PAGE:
Forget purple mountains and fruited plains. The contemporary American landscape is more typically composed of parking lots and shopping malls, factory towns and industrial developments, argues Matthew Coolidge, founder and director of the Center for Land Use Interpretation (CLUI) in Los Angeles.
Later this month, Coolidge will host a series of events investigating St. Louis’ urban landscape.
The visit — co-sponsored by the Pulitzer Foundation for the Arts and the Sam Fox School of Design & Visual Arts at Washington University — comes as part of “Unsettled Ground: Nature, Landscape, and Ecology Now!” a yearlong series of lectures, panel discussions, artistic interventions and workshops exploring the intersection of contemporary architecture, art, ecology and urban design.
At 7 p.m. Wednesday, Oct. 26, Coolidge will lecture on “Interpreting Anthropogeomorphology: Programs and Projects of the Center for Land Use Interpretation.” (“Anthropogeomorphology,” a phrase Coolidge coined, refers to the landscape as altered by humans.)
The talk is free and open to the public and takes place in the Sam Fox School’s Mildred Lane Kemper Art Museum, located near the intersection of Forsyth and Skinker boulevards.
On Thursday and Friday, Oct. 27 and 28, Coolidge and Washington University students will examine a variety of “unusual and exemplary” St. Louis sites through a series of workshops collectively titled “Looking for St. Louis.” On Saturday, Oct. 29, workshop participants will in turn lead additional volunteers over “routes” established by Coolidge.
Events conclude from 6 to 8 p.m. Saturday with a special, one-night-only exhibition, also titled “Looking for St. Louis,” at the Sam Fox School’s Des Lee Gallery, 1627 Washington Ave. The exhibition will include images, texts, artifacts and diagrams drawn from the workshops.
For more information, call (314) 935-9347 or email firstname.lastname@example.org.
WHO: Matthew Coolidge, founder and director of the Center for Land Use Interpretation in Los Angeles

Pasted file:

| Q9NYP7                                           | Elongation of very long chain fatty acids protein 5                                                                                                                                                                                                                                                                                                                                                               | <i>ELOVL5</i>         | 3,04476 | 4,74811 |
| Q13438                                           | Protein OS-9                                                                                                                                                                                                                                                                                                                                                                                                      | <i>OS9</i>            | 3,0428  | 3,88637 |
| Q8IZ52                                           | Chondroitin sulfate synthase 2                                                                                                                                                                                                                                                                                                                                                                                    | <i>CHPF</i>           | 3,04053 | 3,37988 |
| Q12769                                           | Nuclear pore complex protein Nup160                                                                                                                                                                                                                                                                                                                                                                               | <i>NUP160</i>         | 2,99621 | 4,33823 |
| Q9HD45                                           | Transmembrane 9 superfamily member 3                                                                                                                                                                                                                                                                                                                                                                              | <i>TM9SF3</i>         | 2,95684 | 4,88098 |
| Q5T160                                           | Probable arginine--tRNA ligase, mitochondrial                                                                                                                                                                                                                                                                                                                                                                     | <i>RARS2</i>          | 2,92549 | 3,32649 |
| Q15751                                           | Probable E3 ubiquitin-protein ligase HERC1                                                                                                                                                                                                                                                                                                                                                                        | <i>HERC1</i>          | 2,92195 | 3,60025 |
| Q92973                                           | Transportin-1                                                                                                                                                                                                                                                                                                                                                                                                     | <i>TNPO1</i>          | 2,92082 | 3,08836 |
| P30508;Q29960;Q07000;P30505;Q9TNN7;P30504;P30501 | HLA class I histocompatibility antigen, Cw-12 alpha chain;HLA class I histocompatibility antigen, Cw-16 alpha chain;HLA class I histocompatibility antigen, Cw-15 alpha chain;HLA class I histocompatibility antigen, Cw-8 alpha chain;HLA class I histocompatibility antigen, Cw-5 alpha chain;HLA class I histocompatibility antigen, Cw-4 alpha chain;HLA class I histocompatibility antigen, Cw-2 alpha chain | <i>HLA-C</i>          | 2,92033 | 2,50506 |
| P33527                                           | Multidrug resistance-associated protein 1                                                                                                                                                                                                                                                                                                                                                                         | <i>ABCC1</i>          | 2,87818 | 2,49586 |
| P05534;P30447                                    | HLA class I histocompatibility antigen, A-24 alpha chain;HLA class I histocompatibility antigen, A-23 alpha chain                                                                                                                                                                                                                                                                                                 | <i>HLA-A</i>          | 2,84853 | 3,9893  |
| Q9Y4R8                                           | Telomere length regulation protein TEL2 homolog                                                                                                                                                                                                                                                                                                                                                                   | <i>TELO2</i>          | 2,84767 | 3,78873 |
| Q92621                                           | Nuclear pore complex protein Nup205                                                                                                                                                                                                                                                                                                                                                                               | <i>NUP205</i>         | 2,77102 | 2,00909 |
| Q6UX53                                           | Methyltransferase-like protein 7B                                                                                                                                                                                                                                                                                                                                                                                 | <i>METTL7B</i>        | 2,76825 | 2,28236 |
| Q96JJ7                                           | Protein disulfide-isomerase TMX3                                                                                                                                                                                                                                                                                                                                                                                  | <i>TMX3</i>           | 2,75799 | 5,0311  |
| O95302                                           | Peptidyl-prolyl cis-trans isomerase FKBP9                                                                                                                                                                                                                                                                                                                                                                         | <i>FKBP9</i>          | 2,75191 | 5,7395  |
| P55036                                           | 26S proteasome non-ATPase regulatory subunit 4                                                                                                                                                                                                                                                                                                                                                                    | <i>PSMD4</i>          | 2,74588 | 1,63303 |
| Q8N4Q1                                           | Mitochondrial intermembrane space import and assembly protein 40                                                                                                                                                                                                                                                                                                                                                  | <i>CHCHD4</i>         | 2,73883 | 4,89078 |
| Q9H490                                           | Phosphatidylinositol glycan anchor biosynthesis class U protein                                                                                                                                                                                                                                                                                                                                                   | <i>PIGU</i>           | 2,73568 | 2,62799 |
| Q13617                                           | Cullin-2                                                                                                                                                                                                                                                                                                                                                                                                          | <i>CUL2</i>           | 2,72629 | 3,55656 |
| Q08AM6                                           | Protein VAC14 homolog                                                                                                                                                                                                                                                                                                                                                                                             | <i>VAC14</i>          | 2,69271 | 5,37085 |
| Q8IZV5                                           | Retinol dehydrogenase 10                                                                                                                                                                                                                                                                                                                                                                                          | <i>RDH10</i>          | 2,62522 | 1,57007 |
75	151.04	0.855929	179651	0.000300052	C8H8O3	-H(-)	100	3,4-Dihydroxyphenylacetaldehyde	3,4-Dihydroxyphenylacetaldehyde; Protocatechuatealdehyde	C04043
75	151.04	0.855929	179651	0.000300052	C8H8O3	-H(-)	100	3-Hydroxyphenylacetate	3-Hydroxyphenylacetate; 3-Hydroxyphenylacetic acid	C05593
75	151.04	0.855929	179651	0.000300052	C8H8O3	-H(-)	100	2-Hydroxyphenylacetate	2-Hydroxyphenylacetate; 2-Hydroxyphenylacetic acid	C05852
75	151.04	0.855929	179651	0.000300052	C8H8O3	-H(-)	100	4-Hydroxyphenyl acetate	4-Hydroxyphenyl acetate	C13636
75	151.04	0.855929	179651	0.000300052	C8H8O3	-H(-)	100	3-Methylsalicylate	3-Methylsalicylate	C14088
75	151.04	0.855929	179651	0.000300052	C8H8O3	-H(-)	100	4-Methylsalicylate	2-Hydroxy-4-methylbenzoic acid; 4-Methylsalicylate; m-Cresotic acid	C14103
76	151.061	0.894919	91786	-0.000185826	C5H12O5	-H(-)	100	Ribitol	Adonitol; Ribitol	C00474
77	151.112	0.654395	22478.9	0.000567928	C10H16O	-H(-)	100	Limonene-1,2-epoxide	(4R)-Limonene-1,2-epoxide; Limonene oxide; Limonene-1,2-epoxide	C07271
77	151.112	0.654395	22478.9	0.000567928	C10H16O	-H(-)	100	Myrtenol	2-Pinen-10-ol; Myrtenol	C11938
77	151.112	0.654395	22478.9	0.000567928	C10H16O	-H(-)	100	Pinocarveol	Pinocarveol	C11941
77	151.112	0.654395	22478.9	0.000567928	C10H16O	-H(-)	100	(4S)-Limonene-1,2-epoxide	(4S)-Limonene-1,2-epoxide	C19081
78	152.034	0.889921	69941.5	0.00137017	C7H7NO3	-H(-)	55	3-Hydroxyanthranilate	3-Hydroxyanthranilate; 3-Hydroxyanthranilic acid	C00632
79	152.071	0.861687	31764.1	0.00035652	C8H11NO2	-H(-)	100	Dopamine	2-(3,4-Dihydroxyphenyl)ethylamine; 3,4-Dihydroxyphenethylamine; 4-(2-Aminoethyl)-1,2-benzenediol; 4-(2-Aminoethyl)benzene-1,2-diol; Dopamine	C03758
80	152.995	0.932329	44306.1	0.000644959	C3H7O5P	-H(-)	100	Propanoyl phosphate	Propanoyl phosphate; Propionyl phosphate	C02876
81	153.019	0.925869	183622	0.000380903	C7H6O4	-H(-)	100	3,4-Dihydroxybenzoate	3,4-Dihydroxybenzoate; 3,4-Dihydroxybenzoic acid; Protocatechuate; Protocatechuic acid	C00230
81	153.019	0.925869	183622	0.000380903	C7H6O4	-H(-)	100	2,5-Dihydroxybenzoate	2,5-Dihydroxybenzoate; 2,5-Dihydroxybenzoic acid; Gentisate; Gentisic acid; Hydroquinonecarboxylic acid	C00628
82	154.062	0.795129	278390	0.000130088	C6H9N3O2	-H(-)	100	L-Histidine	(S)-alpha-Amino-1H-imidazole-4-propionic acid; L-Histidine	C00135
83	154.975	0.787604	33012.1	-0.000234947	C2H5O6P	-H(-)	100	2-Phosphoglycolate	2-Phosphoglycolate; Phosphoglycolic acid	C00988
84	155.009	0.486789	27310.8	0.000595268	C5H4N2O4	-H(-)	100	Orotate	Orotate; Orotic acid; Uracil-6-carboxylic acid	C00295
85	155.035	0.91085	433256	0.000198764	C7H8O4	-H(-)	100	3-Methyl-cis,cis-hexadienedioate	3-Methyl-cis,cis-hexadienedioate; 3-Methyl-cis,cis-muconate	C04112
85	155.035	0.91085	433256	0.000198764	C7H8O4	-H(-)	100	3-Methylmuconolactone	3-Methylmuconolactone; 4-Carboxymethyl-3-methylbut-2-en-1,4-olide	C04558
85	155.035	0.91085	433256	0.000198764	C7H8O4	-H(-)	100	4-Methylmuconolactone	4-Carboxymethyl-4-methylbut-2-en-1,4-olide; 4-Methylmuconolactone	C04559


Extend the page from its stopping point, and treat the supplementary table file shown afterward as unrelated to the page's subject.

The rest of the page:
WHAT: Lecture, “Interpreting Anthropogeomorphology: Programs and Projects of the Center for Land Use Interpretation”
WHEN: 7 p.m. Wednesday, Oct. 26
WHERE: Mildred Lane Kemper Art Museum, intersection of Forsyth and Skinker boulevards
INFORMATION: (314) 935-9347 or email@example.com
Center for Land Use Interpretation
According to ArtForum magazine, “CLUI has emerged as the most astute of many creative groups around the United States currently engaging contemporary issues related to land and its uses, both functional and aesthetic.”
Founded in 1994, the non-profit organization presents a wide range of public programming — from books and exhibitions to lectures and multimedia bus tours — designed to increase awareness of how the nation’s lands are apportioned, utilized and perceived.
Coolidge serves as a project director, photographer and curator for CLUI exhibitions, and has written several books published by the CLUI, including Back to the Bay: An Examination of the Shoreline of the San Francisco Bay Region (2001), and The Nevada Test Site: A Guide to America’s Nuclear Proving Ground (1996).
Coolidge lectures widely in the United States and Europe and is a faculty member in the Curatorial Practice Program at the California College of the Arts. In 2004, he received a prestigious John Simon Guggenheim Memorial Fellowship.
“Unsettled Ground” is co-financed by funds given to Washington University for collaborative, interdisciplinary programming between the Sam Fox School of Design & Visual Arts and the Pulitzer Foundation for the Arts.